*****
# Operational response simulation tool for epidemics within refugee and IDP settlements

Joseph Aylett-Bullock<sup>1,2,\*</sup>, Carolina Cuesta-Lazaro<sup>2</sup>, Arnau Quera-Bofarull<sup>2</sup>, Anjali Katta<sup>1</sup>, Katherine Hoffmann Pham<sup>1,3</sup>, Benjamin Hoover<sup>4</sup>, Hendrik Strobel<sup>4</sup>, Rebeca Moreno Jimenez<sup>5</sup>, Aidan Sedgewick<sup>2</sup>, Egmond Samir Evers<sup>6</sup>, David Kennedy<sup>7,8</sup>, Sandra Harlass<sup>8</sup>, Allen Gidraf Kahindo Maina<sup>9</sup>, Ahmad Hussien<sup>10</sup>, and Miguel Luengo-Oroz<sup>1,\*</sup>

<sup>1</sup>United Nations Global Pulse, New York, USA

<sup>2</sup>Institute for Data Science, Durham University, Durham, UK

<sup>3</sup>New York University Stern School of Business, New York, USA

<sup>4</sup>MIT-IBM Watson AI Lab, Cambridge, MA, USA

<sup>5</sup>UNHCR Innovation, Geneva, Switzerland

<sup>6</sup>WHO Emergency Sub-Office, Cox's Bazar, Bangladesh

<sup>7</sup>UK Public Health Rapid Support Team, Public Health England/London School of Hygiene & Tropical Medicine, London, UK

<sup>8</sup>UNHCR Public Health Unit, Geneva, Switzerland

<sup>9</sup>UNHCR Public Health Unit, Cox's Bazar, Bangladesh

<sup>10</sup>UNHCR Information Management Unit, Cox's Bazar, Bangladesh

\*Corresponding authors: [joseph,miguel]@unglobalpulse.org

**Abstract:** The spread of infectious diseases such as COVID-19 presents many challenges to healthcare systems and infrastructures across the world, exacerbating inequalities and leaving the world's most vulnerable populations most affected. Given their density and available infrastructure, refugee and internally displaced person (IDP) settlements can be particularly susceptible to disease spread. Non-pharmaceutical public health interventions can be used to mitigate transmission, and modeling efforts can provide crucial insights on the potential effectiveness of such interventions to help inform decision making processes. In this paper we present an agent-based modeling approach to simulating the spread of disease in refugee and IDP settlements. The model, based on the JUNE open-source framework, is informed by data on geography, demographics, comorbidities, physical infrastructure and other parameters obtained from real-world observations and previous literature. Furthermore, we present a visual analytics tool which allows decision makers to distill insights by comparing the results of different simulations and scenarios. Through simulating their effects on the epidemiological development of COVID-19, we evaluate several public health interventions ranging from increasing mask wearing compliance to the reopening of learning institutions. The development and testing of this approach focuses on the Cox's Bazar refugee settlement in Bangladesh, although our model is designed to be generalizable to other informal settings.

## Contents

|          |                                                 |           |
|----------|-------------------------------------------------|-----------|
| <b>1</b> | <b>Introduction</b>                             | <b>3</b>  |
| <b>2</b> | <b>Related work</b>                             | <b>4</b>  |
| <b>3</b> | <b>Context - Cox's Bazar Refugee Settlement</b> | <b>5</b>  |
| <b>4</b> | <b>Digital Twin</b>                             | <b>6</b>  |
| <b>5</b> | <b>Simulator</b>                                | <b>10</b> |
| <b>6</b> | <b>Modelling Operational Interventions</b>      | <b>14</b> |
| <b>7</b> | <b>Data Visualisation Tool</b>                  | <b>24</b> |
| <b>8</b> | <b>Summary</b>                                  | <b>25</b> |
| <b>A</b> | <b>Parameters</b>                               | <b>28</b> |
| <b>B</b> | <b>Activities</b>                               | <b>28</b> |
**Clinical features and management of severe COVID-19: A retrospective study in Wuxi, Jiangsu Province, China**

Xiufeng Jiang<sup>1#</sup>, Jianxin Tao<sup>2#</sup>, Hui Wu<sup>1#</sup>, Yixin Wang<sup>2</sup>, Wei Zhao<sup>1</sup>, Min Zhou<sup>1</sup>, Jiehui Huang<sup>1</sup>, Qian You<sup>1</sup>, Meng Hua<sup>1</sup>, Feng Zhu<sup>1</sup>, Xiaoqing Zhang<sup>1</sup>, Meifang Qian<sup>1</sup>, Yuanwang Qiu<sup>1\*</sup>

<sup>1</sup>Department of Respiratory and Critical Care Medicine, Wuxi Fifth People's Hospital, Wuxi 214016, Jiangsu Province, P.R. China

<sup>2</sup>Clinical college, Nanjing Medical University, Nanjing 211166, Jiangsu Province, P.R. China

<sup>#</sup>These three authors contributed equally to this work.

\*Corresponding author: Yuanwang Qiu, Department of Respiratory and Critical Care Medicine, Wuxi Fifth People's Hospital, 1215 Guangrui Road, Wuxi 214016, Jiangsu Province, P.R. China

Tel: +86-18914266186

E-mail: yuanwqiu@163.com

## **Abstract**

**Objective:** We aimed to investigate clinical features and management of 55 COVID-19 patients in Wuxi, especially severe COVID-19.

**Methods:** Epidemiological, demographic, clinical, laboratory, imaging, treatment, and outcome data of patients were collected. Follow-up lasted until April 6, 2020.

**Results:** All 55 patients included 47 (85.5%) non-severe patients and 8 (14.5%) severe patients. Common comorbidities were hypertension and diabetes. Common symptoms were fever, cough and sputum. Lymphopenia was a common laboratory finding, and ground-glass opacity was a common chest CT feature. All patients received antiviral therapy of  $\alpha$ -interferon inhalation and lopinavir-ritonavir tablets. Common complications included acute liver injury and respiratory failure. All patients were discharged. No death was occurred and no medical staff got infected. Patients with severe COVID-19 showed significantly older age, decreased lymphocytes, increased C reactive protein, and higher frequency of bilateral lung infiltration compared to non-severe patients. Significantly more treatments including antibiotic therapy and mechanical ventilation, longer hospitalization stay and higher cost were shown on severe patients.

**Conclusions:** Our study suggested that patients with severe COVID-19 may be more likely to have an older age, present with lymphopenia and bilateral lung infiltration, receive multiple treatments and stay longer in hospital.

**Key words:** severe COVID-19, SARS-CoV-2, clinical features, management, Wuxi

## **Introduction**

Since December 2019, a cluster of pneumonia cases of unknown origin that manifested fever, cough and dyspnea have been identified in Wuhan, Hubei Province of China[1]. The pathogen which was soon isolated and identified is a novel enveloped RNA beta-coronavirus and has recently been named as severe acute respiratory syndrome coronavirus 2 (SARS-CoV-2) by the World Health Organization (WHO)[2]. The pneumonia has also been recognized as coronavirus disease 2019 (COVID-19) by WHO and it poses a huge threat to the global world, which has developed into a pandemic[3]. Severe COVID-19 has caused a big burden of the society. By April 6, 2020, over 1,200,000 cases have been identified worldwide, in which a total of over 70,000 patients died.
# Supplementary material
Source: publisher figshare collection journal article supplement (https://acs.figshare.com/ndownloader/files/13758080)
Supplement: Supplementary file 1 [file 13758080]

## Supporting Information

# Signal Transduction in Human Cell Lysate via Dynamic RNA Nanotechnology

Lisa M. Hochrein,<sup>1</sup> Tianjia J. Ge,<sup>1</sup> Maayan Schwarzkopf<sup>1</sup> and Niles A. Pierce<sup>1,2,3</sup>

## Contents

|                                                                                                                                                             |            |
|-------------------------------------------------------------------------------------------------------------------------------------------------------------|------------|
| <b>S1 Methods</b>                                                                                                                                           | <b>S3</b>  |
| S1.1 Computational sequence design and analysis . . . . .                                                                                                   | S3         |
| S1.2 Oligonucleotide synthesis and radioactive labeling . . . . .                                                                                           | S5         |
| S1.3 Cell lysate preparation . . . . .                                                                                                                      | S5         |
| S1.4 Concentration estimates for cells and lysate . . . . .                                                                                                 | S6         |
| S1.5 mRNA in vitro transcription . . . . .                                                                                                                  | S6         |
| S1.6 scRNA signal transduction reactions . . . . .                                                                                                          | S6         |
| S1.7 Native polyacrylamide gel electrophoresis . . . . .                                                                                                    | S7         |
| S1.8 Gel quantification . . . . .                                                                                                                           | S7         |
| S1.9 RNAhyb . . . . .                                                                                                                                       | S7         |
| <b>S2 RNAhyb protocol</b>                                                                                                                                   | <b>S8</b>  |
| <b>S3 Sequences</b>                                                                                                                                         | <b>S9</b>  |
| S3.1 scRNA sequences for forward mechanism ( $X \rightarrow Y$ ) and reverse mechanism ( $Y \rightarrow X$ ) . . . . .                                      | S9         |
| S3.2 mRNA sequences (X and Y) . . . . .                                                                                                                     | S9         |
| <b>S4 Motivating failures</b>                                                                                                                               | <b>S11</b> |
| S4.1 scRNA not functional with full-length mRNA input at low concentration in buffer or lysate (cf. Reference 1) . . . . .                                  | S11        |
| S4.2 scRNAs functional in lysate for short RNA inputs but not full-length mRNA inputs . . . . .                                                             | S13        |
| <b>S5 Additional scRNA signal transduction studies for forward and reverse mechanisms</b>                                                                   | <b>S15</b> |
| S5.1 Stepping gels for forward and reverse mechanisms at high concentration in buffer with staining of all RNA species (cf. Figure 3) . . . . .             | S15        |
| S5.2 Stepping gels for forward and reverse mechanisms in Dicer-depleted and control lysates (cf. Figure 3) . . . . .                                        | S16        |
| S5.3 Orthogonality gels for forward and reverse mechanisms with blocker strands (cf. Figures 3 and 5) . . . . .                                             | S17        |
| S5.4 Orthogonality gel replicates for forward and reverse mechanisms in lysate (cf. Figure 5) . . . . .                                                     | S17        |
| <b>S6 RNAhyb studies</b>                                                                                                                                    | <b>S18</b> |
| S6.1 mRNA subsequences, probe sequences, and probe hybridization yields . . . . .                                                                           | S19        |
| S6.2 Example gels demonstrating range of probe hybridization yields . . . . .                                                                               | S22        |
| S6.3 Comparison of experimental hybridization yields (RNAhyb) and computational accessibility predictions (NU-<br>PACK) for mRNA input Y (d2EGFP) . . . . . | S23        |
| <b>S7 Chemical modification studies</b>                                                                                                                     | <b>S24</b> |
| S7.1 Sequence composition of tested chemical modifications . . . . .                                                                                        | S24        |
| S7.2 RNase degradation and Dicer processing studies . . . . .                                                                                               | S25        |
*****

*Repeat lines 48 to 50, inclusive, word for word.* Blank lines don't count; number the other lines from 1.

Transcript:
# Signal Transduction in Human Cell Lysate via Dynamic RNA Nanotechnology

Lisa M. Hochrein,<sup>1</sup> Tianjia J. Ge,<sup>1</sup> Maayan Schwarzkopf<sup>1</sup> and Niles A. Pierce<sup>1,2,3</sup>

## Contents